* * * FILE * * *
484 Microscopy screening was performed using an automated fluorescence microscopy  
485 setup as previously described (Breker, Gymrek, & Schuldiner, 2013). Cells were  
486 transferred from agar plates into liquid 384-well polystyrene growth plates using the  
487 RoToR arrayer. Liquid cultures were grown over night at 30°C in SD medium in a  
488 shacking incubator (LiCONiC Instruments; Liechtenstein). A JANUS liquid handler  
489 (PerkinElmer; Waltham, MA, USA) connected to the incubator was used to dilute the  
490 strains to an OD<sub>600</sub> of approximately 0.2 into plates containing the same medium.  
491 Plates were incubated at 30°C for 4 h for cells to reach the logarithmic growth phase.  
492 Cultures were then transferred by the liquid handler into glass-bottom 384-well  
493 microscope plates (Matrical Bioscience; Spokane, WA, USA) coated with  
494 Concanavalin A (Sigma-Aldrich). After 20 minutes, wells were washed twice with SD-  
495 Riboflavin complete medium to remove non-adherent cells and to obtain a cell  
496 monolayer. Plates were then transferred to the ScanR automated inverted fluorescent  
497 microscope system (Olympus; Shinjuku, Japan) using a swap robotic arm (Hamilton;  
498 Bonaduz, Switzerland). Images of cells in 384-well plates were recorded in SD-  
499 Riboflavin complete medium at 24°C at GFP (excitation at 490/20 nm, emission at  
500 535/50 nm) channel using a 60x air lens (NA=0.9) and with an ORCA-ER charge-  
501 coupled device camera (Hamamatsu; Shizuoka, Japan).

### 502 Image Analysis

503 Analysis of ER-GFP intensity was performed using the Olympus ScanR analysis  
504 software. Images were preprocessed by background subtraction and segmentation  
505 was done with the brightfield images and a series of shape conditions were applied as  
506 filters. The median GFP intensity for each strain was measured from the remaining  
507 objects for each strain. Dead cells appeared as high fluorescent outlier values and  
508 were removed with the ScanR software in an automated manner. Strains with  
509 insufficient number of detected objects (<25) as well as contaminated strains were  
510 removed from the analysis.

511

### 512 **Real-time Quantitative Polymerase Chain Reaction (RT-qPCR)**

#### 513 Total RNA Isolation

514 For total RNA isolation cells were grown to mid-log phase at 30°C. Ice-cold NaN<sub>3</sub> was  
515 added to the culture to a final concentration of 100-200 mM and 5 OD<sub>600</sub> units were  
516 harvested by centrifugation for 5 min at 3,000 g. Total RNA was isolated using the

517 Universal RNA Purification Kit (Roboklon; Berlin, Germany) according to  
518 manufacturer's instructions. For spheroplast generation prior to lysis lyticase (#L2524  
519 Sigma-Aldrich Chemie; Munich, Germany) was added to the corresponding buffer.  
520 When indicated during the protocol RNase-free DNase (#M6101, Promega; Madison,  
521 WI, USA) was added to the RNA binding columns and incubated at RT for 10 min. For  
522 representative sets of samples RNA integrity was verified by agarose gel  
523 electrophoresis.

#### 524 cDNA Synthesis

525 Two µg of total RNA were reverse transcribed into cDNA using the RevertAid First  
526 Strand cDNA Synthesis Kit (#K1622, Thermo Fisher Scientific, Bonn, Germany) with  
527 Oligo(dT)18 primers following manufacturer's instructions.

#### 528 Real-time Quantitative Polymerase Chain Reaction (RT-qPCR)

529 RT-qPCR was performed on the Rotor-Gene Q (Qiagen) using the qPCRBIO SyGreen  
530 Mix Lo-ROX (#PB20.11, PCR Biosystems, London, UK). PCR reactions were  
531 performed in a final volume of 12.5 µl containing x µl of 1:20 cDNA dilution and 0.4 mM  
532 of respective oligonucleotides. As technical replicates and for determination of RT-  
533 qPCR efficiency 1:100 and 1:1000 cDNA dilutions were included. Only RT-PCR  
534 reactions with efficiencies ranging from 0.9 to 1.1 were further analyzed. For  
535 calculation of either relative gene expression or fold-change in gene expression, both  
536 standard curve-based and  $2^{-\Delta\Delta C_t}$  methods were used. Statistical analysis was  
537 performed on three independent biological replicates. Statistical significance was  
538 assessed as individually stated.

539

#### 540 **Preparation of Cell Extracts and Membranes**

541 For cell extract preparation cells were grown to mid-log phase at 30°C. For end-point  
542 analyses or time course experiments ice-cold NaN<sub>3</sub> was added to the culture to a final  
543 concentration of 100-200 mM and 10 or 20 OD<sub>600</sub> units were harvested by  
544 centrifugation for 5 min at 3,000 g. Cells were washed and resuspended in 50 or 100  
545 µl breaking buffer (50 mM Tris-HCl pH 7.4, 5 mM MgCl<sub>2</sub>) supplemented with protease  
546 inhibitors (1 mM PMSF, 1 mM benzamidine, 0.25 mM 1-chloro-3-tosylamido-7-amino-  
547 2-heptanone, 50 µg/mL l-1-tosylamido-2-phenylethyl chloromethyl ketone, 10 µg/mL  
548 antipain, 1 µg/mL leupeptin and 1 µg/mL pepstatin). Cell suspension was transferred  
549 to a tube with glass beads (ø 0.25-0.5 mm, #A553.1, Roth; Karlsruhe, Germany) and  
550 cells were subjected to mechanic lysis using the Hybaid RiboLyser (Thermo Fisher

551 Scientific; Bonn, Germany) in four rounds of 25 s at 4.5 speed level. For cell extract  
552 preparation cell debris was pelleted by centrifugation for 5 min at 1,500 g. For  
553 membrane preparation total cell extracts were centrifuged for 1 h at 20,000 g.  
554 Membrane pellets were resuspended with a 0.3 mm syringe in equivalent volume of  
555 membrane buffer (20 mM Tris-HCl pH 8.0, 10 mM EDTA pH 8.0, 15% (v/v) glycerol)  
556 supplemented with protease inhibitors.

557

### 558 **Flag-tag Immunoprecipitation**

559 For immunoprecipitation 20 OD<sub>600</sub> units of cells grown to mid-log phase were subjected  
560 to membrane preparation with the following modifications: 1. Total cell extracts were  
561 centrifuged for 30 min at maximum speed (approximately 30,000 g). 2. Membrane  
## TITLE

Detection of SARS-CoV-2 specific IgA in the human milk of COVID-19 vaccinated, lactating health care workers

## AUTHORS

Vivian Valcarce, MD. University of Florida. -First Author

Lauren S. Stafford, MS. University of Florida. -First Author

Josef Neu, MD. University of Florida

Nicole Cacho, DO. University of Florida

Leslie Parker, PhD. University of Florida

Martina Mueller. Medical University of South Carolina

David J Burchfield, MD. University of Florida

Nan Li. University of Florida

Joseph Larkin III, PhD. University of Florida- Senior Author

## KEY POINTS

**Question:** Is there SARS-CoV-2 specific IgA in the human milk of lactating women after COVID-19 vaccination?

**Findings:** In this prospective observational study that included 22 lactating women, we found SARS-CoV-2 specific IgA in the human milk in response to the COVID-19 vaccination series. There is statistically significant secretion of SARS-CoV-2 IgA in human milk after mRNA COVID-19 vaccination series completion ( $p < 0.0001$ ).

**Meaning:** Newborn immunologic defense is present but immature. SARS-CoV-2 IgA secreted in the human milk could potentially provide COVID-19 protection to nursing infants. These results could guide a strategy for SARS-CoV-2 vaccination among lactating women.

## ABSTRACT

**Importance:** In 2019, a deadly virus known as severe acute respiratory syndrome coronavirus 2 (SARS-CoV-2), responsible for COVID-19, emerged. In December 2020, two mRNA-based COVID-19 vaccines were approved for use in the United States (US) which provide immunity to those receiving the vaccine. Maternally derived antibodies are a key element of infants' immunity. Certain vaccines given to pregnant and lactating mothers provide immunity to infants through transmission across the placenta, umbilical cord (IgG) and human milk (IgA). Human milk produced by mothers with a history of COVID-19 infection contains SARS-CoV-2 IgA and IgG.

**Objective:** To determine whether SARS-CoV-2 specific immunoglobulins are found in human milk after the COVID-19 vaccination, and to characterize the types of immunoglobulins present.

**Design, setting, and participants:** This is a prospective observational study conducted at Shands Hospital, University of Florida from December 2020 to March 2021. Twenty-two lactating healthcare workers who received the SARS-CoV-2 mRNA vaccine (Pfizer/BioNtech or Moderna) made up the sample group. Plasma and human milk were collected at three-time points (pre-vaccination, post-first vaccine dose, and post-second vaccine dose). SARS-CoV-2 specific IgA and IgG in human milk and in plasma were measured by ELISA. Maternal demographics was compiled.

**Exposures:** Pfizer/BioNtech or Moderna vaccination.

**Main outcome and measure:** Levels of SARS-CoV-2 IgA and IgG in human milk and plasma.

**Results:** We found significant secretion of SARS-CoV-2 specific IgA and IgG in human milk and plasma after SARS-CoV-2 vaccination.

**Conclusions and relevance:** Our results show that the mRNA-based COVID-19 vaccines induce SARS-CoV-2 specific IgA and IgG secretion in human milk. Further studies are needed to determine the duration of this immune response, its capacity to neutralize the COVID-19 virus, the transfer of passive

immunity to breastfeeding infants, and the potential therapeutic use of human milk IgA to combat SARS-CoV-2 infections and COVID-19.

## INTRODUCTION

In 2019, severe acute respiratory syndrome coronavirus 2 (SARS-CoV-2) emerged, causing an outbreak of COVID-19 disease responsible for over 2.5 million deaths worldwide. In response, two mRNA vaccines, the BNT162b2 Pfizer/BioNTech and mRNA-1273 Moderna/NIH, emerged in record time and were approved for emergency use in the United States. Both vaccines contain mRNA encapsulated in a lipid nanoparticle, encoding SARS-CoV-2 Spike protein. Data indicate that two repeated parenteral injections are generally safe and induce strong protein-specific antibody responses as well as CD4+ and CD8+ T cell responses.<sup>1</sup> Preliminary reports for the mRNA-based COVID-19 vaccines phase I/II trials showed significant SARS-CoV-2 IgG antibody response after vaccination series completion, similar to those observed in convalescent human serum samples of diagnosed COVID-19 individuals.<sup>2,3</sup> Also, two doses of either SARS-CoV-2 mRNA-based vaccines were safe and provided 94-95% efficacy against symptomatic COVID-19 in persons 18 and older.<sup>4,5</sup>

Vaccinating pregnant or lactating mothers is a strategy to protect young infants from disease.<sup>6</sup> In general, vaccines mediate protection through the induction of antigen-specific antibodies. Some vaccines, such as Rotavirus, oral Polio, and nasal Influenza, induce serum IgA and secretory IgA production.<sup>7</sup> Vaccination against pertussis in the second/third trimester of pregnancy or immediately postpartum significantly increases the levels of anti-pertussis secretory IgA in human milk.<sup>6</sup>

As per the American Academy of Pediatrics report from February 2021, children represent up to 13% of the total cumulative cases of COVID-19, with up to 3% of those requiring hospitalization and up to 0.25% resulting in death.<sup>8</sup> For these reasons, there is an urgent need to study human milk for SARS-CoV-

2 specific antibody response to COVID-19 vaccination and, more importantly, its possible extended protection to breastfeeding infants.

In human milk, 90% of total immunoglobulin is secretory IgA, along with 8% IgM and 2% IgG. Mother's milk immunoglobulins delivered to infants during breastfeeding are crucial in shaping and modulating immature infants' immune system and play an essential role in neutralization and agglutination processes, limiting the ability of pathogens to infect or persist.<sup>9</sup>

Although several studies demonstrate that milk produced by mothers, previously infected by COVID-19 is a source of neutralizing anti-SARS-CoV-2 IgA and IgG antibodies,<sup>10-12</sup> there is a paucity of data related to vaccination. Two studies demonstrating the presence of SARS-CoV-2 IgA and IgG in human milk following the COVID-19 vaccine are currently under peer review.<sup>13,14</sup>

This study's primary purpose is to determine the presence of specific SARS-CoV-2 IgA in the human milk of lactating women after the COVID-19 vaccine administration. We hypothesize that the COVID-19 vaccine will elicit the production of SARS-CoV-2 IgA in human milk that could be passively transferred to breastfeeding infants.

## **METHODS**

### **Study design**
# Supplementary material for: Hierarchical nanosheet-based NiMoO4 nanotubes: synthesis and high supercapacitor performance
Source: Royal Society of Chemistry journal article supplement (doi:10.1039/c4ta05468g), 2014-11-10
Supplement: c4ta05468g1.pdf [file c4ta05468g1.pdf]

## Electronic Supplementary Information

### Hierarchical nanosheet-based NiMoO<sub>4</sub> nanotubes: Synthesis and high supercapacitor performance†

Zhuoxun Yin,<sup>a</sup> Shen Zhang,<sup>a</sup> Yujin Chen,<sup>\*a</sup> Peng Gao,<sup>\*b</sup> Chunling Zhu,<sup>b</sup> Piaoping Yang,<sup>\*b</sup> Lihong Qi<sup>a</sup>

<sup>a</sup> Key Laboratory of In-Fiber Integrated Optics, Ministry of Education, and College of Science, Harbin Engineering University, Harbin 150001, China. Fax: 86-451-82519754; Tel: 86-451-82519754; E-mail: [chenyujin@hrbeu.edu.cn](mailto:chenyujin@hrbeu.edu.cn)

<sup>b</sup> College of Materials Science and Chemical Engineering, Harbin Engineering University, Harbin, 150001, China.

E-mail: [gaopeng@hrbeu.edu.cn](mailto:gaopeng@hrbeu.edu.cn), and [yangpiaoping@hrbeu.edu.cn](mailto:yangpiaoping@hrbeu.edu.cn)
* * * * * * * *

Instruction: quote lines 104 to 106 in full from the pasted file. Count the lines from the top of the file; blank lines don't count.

## INTRODUCTION

In 2019, severe acute respiratory syndrome coronavirus 2 (SARS-CoV-2) emerged, causing an outbreak of COVID-19 disease responsible for over 2.5 million deaths worldwide. In response, two mRNA vaccines, the BNT162b2 Pfizer/BioNTech and mRNA-1273 Moderna/NIH, emerged in record time and were approved for emergency use in the United States. Both vaccines contain mRNA encapsulated in a lipid nanoparticle, encoding SARS-CoV-2 Spike protein. Data indicate that two repeated parenteral injections are generally safe and induce strong protein-specific antibody responses as well as CD4+ and CD8+ T cell responses.<sup>1</sup> Preliminary reports for the mRNA-based COVID-19 vaccines phase I/II trials showed significant SARS-CoV-2 IgG antibody response after vaccination series completion, similar to those observed in convalescent human serum samples of diagnosed COVID-19 individuals.<sup>2,3</sup> Also, two doses of either SARS-CoV-2 mRNA-based vaccines were safe and provided 94-95% efficacy against symptomatic COVID-19 in persons 18 and older.<sup>4,5</sup>

Vaccinating pregnant or lactating mothers is a strategy to protect young infants from disease.<sup>6</sup> In general, vaccines mediate protection through the induction of antigen-specific antibodies. Some vaccines, such as Rotavirus, oral Polio, and nasal Influenza, induce serum IgA and secretory IgA production.<sup>7</sup> Vaccination against pertussis in the second/third trimester of pregnancy or immediately postpartum significantly increases the levels of anti-pertussis secretory IgA in human milk.<sup>6</sup>